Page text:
Grass Deer

Most animals are part of more than one food chain and eat more than one kind of food in
order to meet their food and energy requirements. These interconnected food chains form a
food web.

• A food web extends the food chain concept from a simple linear pathway to a
complex network of interactions.
• Food webs show how many animals are interconnected by different paths.
• FOOD WEBS show how plants and animals are connected in many ways to help
them all survive.

Trophic levels are the feeding position in a food chain

such as primary producers, herbivore, primary carnivore,
etc. Green plants form the first trophic level, the
producers. Herbivores form the second trophic level,
while carnivores form the third and even the fourth
trophic levels.

Transfer of Energy in Food Chains: Energy and organic compounds are passed from one
trophic level to the next. What is the efficiency of the transfer? In a highly efficient transfer
almost all of the energy would be transferred -- 80% or more. In a low efficiency transfer
very little energy would be transferred -- less than 20%. In a typical food chain, not all
animals or plants are eaten by the next trophic level. In addition, there are portions or
materials (such as beaks, shells, bones, etc.) that are also not eaten. That is why the transfer of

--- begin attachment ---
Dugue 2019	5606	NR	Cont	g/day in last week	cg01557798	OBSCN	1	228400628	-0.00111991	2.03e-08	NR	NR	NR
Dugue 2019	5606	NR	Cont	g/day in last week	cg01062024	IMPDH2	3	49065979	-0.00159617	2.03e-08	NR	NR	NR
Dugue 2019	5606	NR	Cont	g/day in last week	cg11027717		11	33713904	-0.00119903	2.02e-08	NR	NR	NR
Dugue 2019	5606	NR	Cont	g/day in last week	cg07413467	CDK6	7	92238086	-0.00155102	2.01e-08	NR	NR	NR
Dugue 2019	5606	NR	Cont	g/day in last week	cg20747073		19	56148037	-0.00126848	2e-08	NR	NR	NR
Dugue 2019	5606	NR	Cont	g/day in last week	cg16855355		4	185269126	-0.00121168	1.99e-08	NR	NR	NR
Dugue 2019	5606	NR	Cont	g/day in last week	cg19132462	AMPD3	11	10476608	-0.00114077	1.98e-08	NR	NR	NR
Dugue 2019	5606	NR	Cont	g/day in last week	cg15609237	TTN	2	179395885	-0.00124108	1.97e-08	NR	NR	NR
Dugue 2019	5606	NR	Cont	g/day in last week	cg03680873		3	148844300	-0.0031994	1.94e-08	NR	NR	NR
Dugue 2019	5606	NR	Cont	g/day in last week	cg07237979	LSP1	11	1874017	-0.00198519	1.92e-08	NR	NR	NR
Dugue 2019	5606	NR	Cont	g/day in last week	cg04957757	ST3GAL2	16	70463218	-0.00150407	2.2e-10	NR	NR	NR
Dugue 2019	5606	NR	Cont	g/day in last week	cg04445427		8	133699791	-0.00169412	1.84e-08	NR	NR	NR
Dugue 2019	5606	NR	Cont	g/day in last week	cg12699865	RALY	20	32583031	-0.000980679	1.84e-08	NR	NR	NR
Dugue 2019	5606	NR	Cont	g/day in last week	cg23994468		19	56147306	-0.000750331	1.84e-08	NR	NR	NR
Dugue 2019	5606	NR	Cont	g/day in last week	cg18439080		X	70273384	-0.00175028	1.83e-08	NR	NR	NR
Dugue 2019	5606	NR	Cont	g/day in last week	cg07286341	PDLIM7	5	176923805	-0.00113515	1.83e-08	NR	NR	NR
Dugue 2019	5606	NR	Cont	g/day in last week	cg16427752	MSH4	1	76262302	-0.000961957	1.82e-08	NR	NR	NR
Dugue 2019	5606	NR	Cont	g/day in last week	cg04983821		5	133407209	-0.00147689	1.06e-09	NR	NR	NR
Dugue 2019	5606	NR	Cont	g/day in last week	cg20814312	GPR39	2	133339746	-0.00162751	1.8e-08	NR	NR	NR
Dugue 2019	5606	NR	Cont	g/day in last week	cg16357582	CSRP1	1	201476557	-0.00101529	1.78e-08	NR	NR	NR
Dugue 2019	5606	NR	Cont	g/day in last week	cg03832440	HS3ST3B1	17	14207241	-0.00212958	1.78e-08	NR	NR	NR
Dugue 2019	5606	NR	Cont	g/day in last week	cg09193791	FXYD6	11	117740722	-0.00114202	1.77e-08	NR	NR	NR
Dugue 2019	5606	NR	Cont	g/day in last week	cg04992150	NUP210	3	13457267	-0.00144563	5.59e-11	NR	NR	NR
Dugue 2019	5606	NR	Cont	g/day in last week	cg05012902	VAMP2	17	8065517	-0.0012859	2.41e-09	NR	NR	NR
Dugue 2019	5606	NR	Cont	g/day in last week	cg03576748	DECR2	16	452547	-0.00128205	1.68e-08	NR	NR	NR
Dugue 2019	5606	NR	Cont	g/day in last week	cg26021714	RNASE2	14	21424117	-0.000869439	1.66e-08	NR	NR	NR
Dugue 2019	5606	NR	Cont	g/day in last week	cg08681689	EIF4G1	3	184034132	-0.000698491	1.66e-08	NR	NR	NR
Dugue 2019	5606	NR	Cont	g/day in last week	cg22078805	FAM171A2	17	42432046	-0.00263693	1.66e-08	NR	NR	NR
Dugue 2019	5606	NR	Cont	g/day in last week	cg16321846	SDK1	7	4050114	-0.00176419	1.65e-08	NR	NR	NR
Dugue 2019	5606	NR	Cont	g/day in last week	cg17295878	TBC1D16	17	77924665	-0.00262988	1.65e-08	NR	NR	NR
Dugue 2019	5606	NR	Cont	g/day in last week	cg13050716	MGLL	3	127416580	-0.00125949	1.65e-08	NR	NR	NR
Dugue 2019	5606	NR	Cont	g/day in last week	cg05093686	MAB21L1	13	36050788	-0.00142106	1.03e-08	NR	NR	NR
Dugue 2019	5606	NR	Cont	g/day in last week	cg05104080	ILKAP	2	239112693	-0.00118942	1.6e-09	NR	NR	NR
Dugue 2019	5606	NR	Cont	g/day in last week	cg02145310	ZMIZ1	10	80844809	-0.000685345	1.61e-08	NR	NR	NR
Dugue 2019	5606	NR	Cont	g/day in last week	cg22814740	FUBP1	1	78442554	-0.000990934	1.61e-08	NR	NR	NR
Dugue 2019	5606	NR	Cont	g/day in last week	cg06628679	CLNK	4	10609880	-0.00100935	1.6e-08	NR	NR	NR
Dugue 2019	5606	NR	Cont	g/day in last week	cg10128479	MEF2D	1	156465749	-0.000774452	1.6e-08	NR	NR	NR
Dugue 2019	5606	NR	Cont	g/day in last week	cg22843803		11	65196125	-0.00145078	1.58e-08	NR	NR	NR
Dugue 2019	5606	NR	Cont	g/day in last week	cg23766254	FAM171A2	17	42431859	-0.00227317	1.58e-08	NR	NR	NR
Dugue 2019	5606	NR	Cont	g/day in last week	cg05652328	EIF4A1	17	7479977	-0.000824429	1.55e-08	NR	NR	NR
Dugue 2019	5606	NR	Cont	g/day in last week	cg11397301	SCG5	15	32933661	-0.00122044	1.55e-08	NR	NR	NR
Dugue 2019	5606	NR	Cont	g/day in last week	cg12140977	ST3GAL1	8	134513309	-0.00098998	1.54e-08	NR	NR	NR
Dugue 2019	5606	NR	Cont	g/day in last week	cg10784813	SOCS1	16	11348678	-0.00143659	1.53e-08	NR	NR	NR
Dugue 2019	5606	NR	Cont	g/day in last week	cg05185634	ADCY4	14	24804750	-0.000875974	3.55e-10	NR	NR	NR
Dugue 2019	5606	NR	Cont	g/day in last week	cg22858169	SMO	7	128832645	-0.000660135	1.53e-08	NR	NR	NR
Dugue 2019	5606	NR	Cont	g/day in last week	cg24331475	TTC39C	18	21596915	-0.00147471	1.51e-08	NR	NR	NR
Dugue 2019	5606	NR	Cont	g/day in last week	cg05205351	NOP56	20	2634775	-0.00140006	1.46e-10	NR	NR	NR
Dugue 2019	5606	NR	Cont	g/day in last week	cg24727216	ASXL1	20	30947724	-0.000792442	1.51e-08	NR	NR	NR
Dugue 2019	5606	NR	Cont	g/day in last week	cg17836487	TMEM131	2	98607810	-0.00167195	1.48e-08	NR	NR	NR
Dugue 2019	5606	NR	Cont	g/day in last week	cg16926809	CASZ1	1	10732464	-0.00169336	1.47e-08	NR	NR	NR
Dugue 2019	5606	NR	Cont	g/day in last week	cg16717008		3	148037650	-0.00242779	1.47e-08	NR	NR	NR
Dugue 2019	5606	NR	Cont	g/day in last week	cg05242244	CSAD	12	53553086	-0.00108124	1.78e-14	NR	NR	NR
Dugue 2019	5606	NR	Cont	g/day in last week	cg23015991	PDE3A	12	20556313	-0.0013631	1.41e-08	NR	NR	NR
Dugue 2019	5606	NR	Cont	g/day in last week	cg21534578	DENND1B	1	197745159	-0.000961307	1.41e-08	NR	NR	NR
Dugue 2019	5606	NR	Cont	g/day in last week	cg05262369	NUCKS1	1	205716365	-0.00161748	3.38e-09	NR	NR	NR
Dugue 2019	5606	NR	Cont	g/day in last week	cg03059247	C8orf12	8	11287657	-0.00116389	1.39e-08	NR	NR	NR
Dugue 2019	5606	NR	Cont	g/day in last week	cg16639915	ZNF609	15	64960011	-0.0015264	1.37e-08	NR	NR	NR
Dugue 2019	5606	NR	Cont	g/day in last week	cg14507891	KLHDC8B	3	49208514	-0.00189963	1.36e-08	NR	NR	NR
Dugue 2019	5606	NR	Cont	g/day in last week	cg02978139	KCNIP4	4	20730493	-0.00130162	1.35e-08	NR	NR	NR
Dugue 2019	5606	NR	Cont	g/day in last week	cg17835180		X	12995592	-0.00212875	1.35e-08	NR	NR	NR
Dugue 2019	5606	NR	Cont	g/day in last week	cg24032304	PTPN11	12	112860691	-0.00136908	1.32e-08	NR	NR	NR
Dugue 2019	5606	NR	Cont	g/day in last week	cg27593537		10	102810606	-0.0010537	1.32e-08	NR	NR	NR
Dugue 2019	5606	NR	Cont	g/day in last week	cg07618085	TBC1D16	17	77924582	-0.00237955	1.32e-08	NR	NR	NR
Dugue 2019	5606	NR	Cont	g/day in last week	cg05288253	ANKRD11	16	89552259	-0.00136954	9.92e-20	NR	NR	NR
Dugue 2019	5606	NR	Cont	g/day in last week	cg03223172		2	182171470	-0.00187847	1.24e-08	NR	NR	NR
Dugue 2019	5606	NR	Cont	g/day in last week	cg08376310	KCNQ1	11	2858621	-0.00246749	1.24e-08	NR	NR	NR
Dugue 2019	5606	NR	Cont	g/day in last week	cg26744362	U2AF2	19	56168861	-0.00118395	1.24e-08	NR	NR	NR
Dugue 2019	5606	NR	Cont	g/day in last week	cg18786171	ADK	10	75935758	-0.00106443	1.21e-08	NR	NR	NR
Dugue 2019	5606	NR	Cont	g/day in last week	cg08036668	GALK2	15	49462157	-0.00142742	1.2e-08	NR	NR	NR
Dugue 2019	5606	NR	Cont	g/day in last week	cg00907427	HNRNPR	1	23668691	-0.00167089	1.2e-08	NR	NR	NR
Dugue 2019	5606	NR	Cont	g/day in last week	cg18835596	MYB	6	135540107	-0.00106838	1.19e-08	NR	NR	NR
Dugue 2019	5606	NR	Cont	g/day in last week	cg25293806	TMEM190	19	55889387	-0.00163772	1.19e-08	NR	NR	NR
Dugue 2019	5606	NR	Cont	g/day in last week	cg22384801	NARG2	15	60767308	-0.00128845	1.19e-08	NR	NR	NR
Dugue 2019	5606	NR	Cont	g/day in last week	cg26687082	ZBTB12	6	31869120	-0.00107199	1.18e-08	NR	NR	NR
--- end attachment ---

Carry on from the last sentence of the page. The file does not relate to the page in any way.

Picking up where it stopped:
matter and energy from one trophic level to the next is not an efficient one.
One way to calculate the energy transfer is by measuring or sizing the energy at one trophic
level and then at the next. Calorie is a unit of measure used for energy. The energy transfer
from one trophic level to the next is about 10%. For example, if there are 10,000 calories at
one level, only 1,000 are transferred to the next. This 10% energy and material transfer rule
can be depicted with an ecological pyramid that looks like this:
To summarize: In the flow of energy and inorganic nutrients through the ecosystem, a few
generalizations can be made:
1. The ultimate source of energy (for most ecosystems) is the sun
2. The ultimate fate of energy in ecosystems is for it to be lost as heat.
3. Energy and nutrients are passed from organism to organism through the food chain as
one organism eats another.
4. Decomposers remove the last energy from the remains of organisms.
5. Inorganic nutrients are cycled, energy is not.

Biological magnification
Biomagnification, also known as bioamplification, or biological magnification is the
increase in concentration of a substance, such as the pesticide DDT, that occurs in a food
chain as a consequence of:
• Food chain energetics
• Low (or nonexistent) rate of excretion/degradation of the substance.
Biological magnification is the tendency of pollutants to become concentrated in successive
trophic levels. Often, this is to the detriment of the organisms in which these materials
concentrate, since the pollutants are often toxic. Biomagnificationoccurs when organisms at
the bottom of the food chain concentrate the material above its concentration in the
surrounding soil or water. Pollutants
that biomagnify have another characteristic. Not only are they taken up by the producers, but
they are absorbed and stored in the bodies of the consumers. This often occurs with
pollutants soluble in fat such as DDT
The "best" example of biomagnification comes from DDT. This long-lived pesticide
(insecticide) has improved human health in many countries by killing insects such as
mosquitoes that spread disease. On the other hand, DDT is effective in part because it does
not break down in the environment. It is picked up by organisms in the environment and